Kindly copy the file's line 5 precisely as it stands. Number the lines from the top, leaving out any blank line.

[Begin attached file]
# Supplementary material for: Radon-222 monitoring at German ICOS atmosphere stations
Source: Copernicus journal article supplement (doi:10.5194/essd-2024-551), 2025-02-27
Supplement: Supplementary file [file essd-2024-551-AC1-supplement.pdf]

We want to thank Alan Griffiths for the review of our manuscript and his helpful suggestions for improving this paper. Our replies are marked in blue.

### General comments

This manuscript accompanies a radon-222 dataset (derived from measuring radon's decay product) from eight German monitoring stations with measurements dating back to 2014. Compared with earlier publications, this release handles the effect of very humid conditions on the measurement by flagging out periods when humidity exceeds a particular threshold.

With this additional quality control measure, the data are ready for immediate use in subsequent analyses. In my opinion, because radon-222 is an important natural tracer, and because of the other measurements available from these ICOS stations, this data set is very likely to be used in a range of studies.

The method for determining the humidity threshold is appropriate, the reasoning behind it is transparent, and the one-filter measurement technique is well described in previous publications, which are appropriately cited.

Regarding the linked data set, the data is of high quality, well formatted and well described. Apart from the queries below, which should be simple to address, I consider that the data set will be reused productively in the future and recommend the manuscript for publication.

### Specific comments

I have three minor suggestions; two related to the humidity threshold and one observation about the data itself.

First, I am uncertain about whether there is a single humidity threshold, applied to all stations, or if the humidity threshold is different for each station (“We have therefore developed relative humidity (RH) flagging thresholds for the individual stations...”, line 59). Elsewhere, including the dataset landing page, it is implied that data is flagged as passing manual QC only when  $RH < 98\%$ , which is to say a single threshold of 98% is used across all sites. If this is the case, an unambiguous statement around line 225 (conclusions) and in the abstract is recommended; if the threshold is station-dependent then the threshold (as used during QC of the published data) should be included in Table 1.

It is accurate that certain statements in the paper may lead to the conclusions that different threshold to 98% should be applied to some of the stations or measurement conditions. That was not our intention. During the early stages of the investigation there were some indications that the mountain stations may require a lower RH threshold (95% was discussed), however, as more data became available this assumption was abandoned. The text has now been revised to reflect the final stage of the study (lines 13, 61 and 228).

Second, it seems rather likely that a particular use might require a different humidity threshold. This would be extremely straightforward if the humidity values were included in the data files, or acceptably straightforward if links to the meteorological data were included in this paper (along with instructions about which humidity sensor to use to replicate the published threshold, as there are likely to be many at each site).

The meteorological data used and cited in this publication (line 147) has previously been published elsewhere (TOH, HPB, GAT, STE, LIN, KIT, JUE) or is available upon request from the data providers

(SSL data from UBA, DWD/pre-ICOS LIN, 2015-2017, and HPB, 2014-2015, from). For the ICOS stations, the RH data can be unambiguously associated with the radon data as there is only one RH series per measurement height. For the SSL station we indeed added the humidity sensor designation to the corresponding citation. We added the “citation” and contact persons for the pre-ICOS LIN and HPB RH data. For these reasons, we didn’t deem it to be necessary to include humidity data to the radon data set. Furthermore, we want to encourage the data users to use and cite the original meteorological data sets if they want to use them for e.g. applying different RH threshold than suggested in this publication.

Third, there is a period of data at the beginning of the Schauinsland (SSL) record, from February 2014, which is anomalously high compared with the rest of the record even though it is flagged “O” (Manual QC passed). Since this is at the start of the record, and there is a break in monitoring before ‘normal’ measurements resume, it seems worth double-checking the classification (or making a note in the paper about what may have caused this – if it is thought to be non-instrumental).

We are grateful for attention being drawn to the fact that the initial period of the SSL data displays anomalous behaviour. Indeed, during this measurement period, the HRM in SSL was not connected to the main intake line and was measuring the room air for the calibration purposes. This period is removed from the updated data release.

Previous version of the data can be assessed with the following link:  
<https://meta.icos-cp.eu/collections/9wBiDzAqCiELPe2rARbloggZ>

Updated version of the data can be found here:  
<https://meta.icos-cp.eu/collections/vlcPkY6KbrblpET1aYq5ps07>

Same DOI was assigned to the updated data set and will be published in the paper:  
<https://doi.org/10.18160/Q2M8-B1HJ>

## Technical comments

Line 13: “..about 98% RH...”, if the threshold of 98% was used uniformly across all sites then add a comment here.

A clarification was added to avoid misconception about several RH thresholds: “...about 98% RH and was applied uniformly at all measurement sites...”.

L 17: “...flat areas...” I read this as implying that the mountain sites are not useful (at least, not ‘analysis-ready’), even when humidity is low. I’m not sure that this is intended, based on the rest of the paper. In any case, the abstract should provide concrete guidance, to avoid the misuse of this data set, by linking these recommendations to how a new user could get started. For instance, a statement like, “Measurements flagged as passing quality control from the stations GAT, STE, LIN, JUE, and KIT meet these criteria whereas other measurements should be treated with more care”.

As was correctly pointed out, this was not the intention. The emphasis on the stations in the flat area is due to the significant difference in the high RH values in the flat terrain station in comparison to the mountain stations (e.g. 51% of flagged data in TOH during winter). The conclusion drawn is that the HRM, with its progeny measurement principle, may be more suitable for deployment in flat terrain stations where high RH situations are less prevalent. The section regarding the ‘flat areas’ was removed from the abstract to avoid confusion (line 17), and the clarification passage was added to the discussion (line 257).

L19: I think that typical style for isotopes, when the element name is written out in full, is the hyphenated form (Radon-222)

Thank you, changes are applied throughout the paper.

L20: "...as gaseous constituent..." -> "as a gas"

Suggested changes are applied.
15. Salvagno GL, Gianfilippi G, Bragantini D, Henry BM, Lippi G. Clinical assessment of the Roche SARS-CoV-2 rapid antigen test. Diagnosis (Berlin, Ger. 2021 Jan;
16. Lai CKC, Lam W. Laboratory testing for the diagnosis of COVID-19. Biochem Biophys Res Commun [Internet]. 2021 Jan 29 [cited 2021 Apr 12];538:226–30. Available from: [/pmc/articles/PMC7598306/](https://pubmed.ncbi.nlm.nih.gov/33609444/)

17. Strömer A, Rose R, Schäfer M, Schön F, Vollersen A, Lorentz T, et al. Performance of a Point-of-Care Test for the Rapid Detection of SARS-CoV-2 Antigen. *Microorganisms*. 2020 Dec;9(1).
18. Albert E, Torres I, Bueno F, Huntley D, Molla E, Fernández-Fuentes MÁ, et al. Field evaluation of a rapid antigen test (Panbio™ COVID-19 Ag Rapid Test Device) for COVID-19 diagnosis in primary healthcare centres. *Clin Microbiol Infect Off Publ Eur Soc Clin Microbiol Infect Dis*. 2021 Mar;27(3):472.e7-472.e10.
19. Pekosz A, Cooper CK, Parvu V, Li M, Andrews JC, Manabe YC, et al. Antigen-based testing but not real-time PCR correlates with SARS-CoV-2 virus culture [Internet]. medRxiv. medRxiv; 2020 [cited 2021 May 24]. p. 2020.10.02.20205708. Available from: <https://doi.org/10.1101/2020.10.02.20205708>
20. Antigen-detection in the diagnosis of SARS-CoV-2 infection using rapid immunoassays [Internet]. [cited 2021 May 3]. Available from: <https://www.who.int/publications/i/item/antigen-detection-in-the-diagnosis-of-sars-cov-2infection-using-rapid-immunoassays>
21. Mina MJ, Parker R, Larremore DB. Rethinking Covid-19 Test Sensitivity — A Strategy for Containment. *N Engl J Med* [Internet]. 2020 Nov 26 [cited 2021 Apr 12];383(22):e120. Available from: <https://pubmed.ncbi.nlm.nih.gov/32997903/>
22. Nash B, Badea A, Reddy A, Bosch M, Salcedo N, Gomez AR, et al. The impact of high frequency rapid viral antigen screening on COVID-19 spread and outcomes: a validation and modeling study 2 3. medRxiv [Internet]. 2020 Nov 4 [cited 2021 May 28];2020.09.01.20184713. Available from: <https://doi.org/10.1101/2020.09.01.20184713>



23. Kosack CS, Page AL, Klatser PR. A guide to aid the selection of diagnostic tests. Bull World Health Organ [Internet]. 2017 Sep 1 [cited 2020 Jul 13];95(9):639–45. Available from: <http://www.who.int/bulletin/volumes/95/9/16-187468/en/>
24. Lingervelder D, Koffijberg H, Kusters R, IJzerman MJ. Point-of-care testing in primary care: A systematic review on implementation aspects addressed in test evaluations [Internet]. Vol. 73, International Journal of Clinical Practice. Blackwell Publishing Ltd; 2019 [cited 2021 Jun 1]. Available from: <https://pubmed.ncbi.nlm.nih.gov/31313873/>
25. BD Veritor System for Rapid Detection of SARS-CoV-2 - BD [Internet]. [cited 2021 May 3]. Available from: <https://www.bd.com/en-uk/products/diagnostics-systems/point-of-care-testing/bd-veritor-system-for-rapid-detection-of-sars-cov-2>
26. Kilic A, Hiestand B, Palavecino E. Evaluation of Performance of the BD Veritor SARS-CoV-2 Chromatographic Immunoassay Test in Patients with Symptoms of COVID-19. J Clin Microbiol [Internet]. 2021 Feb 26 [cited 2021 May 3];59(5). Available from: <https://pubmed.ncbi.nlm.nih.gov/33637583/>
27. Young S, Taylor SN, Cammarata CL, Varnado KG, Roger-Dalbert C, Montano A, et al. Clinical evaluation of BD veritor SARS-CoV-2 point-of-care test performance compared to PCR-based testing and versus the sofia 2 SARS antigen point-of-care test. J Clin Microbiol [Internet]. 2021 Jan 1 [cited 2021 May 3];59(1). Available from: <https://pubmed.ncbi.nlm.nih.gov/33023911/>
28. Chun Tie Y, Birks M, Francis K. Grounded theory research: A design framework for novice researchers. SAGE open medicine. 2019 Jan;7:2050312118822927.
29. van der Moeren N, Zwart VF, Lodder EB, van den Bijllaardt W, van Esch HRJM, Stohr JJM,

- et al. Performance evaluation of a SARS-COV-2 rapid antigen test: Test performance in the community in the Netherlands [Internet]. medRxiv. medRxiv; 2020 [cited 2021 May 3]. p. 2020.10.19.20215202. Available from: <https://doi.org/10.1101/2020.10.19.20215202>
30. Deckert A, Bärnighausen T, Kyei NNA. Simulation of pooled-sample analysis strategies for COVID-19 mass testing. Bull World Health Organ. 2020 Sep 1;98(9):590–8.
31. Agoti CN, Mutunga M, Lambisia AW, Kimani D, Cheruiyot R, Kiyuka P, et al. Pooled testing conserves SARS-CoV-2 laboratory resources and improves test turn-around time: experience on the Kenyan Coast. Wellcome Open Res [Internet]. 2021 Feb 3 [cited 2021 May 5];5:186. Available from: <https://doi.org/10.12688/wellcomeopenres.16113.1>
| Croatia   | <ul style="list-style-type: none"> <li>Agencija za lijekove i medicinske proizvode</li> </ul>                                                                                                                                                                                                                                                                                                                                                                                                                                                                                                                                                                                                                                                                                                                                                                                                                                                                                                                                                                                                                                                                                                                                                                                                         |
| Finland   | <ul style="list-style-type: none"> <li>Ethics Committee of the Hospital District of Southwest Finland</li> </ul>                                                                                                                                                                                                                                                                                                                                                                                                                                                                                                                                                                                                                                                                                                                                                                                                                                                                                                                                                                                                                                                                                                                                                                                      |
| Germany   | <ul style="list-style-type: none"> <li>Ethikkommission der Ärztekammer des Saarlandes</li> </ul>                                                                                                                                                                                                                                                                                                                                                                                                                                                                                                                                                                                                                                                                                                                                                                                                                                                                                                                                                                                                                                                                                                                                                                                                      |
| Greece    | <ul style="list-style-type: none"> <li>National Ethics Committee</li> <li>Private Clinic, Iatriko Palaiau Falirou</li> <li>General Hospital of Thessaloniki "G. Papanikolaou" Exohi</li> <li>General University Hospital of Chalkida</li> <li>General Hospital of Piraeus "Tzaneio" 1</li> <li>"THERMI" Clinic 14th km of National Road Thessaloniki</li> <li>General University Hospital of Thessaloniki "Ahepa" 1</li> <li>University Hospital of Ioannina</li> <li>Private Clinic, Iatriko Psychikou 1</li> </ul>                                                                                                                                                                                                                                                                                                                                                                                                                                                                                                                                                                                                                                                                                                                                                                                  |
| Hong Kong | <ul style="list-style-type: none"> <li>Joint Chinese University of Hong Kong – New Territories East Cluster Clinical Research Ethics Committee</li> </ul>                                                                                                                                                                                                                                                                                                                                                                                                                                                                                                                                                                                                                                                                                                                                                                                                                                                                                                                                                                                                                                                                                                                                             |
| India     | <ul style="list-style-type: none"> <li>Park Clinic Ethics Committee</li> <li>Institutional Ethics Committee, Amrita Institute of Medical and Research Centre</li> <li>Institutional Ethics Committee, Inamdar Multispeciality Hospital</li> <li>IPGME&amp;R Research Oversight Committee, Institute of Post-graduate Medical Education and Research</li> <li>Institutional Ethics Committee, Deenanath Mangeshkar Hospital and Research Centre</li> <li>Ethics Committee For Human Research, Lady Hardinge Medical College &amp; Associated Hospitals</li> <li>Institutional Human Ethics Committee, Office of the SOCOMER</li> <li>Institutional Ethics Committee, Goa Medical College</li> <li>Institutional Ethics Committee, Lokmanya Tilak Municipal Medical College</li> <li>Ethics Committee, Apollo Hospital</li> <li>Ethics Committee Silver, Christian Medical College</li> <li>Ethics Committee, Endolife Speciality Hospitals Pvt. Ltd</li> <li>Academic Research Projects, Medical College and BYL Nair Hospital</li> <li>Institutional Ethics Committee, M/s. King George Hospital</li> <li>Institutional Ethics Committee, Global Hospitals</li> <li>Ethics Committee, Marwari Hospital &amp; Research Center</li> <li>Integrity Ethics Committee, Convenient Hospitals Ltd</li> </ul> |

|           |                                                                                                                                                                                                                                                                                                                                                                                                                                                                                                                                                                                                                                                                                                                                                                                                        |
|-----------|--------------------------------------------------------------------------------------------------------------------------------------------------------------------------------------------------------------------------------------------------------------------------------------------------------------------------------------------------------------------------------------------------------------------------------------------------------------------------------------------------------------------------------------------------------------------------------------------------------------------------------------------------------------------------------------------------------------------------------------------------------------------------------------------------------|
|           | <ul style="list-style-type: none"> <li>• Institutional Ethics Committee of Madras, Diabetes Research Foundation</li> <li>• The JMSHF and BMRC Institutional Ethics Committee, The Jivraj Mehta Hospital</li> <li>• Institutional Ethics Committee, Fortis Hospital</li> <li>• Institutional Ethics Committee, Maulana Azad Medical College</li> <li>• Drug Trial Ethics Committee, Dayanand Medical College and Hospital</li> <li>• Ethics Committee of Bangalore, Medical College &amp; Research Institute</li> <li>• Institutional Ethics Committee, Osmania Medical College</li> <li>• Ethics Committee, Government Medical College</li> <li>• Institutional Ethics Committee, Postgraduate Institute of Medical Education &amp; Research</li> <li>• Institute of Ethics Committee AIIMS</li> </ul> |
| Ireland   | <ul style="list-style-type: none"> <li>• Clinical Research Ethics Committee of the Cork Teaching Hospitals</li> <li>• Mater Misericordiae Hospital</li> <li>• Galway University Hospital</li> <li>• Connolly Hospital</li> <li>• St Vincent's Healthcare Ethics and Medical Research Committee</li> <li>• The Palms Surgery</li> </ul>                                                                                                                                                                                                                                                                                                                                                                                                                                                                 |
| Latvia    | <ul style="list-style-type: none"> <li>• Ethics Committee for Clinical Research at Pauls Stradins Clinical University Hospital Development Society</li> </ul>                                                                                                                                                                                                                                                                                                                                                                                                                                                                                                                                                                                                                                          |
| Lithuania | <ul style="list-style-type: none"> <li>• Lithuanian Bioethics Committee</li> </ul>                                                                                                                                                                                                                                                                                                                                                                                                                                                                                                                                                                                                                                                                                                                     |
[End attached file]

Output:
### General comments